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Author: Richard Middlehurst
Recent research by Legal and General revealed that it’s ‘the bank of mum and dad’ that is the 10 biggest UK mortgage lender. As house prices rise, particularly in the South East, it means that more and more first and second time buyers are relying on their parents, either to provide a substantial deposit or to assist in the payment of Stamp Duty.
In many cases, parents are lending significant amounts of money. At the same time, it is estimated that there is over £400 billion pounds worth of inheritance much of which will be put to helping new owners onto the housing market.
Making a provision of a life time gift is a well established inheritance tax piece of advice. However for those parents who are helping with deposits, bridging the gap between mortgage raising capacity and purchase cost, beware. Whilst we all do what we can for our children, assistance at the time of purchasing a property can go sour. Recently I had a case where parents had lent £70,000 into their daughter’s property. She subsequently met someone, got married and the parents ‘wanted their money back’. The parents didn’t see the need to draw up any documentation or legal charge in their favour as either they felt embarrassed to but more likely because it was ‘within the family’ so what could possibly go wrong? Unfortunately, in the absence of any documentation or legal charge in their favour, unless they were prepared to become directly involved in the ensuing divorce proceedings, they simply had to watch as their soon to be ex-son in law benefitted from their investment.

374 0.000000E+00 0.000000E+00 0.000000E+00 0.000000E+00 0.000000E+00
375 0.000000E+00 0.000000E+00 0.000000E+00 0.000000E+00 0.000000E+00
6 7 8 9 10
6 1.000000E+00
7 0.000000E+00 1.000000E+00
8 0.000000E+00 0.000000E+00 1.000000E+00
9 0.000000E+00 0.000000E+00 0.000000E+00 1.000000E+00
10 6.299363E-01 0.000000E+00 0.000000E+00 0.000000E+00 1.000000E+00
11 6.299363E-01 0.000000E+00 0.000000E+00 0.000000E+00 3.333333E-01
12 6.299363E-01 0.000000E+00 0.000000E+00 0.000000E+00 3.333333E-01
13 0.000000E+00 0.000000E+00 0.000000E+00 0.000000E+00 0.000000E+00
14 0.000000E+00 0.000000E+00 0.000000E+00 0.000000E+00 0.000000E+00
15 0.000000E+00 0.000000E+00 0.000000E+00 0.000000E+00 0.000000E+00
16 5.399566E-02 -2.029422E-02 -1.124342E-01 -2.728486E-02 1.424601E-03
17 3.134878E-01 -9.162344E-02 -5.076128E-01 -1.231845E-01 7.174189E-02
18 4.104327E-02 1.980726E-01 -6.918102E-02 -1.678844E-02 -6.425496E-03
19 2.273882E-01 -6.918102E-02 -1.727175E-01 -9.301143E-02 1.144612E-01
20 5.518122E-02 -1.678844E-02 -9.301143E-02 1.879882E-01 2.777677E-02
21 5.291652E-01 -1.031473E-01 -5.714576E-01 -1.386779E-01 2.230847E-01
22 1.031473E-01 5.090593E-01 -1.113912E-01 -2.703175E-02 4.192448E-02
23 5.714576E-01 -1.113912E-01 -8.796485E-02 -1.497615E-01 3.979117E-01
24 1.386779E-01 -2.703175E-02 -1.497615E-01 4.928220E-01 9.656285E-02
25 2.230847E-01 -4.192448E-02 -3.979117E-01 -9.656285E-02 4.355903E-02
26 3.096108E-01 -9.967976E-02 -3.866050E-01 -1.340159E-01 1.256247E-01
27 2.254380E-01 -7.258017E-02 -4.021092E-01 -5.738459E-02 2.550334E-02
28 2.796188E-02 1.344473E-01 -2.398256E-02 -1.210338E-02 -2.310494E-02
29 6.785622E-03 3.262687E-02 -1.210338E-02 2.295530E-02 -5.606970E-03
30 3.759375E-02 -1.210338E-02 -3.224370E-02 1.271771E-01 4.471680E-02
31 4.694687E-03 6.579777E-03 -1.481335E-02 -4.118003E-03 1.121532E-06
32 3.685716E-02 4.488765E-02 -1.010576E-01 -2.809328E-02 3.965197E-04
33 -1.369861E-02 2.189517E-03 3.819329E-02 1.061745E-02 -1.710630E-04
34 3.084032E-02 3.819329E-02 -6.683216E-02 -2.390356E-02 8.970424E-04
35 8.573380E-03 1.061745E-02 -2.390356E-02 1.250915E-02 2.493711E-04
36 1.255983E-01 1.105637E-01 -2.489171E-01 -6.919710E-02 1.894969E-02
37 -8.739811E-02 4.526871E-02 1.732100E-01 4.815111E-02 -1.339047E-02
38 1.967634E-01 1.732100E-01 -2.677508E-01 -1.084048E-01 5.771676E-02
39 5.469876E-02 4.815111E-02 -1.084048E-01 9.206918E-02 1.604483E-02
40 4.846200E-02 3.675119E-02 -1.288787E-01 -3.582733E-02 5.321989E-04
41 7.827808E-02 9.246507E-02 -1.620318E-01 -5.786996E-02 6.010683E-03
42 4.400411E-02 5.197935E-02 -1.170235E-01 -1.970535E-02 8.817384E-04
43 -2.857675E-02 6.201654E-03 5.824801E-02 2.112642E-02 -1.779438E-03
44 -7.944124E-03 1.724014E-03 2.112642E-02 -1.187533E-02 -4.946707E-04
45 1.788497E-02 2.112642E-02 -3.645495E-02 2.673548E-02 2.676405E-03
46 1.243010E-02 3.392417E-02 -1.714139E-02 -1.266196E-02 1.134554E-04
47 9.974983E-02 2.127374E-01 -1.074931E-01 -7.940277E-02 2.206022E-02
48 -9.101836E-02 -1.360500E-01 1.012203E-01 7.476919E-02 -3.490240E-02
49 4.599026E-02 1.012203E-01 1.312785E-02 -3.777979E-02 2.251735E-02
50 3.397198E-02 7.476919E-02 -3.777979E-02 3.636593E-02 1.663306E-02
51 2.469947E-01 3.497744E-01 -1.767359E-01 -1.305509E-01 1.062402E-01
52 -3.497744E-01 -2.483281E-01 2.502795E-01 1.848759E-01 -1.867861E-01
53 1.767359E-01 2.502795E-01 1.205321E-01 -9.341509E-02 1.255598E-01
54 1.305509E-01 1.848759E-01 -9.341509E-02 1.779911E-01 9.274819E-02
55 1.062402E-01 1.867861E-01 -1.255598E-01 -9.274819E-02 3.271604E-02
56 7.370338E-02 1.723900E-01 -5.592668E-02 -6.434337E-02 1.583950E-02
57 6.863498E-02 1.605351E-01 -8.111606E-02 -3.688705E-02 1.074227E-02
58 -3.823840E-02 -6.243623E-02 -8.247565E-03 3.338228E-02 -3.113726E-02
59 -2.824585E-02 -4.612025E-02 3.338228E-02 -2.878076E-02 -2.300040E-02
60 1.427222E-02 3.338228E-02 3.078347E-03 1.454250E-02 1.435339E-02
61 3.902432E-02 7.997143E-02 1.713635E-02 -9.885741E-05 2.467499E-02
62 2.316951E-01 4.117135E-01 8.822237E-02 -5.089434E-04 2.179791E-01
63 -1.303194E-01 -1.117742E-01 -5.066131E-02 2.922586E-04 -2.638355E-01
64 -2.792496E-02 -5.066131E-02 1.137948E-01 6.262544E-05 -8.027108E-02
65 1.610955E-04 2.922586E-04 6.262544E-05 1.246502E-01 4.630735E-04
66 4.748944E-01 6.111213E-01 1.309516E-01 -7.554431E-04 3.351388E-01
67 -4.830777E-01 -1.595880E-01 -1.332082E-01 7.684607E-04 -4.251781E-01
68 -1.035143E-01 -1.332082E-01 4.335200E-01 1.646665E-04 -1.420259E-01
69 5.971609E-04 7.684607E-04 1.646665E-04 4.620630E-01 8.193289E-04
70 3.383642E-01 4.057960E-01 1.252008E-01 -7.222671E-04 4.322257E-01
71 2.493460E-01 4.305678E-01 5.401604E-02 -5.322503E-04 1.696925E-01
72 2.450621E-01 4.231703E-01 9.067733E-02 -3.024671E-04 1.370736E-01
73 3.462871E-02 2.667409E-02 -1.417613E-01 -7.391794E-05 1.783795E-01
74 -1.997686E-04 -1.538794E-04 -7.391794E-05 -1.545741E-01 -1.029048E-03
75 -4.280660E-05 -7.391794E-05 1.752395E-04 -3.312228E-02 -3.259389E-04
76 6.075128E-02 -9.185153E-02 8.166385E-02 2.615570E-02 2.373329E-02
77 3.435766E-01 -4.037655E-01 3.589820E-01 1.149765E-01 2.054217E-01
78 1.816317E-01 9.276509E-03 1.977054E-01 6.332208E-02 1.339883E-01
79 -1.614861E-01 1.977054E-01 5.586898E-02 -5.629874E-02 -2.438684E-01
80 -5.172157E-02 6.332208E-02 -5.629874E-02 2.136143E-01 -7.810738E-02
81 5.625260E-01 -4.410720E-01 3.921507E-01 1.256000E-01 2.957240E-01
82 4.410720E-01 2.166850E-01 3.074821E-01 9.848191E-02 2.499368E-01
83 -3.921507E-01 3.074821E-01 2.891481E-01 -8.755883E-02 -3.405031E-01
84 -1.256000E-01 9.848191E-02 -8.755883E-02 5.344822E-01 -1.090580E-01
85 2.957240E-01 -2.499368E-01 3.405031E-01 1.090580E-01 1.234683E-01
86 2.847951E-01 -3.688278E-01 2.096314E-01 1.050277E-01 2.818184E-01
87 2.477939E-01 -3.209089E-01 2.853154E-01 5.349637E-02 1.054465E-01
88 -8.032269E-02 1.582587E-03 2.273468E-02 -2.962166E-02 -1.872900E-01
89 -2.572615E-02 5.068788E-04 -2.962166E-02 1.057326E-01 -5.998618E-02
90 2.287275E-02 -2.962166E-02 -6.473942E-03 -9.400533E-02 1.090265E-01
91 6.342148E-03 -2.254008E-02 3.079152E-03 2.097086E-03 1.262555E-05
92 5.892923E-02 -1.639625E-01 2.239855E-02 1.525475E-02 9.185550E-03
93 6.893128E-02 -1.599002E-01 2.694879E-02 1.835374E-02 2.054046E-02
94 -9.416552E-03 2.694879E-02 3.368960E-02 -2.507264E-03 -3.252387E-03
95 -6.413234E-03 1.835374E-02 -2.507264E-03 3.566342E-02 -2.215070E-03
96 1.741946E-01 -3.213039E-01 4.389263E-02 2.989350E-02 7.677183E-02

Increasingly parents who are investing in property for sons and daughters are gradually becoming aware that it is better to have some form of an agreement/arrangement in place rather than nothing. This might even run to a Cohabitation Agreement, or in some cases a Pre-Nuptial Agreement. Another area where the ‘bank of mum and dad’ is helping, is with the buy to let market. First time buyers are increasingly unable to afford even the simplest of starter flats. Parents are stepping in and in some cases letting their property to their children. It is important in these cases to have tenancy agreements which keep the transactions at arms length to ensure that any partners do not acquire any long term rights of occupation.
As the whole issue of housing and the disparity between those who have and those who have not becomes a national issue, those thinking of helping their children onto the housing ladder should consider carefully how to protect their assistance in order to ensure that the purpose of any advance is fulfilled without anyone else benefitting.
For further information on drawing up family arrangements and property, please contact Richard Middlehurst either by email email@example.com or by telephone on 01483 411530 or another member of the family department.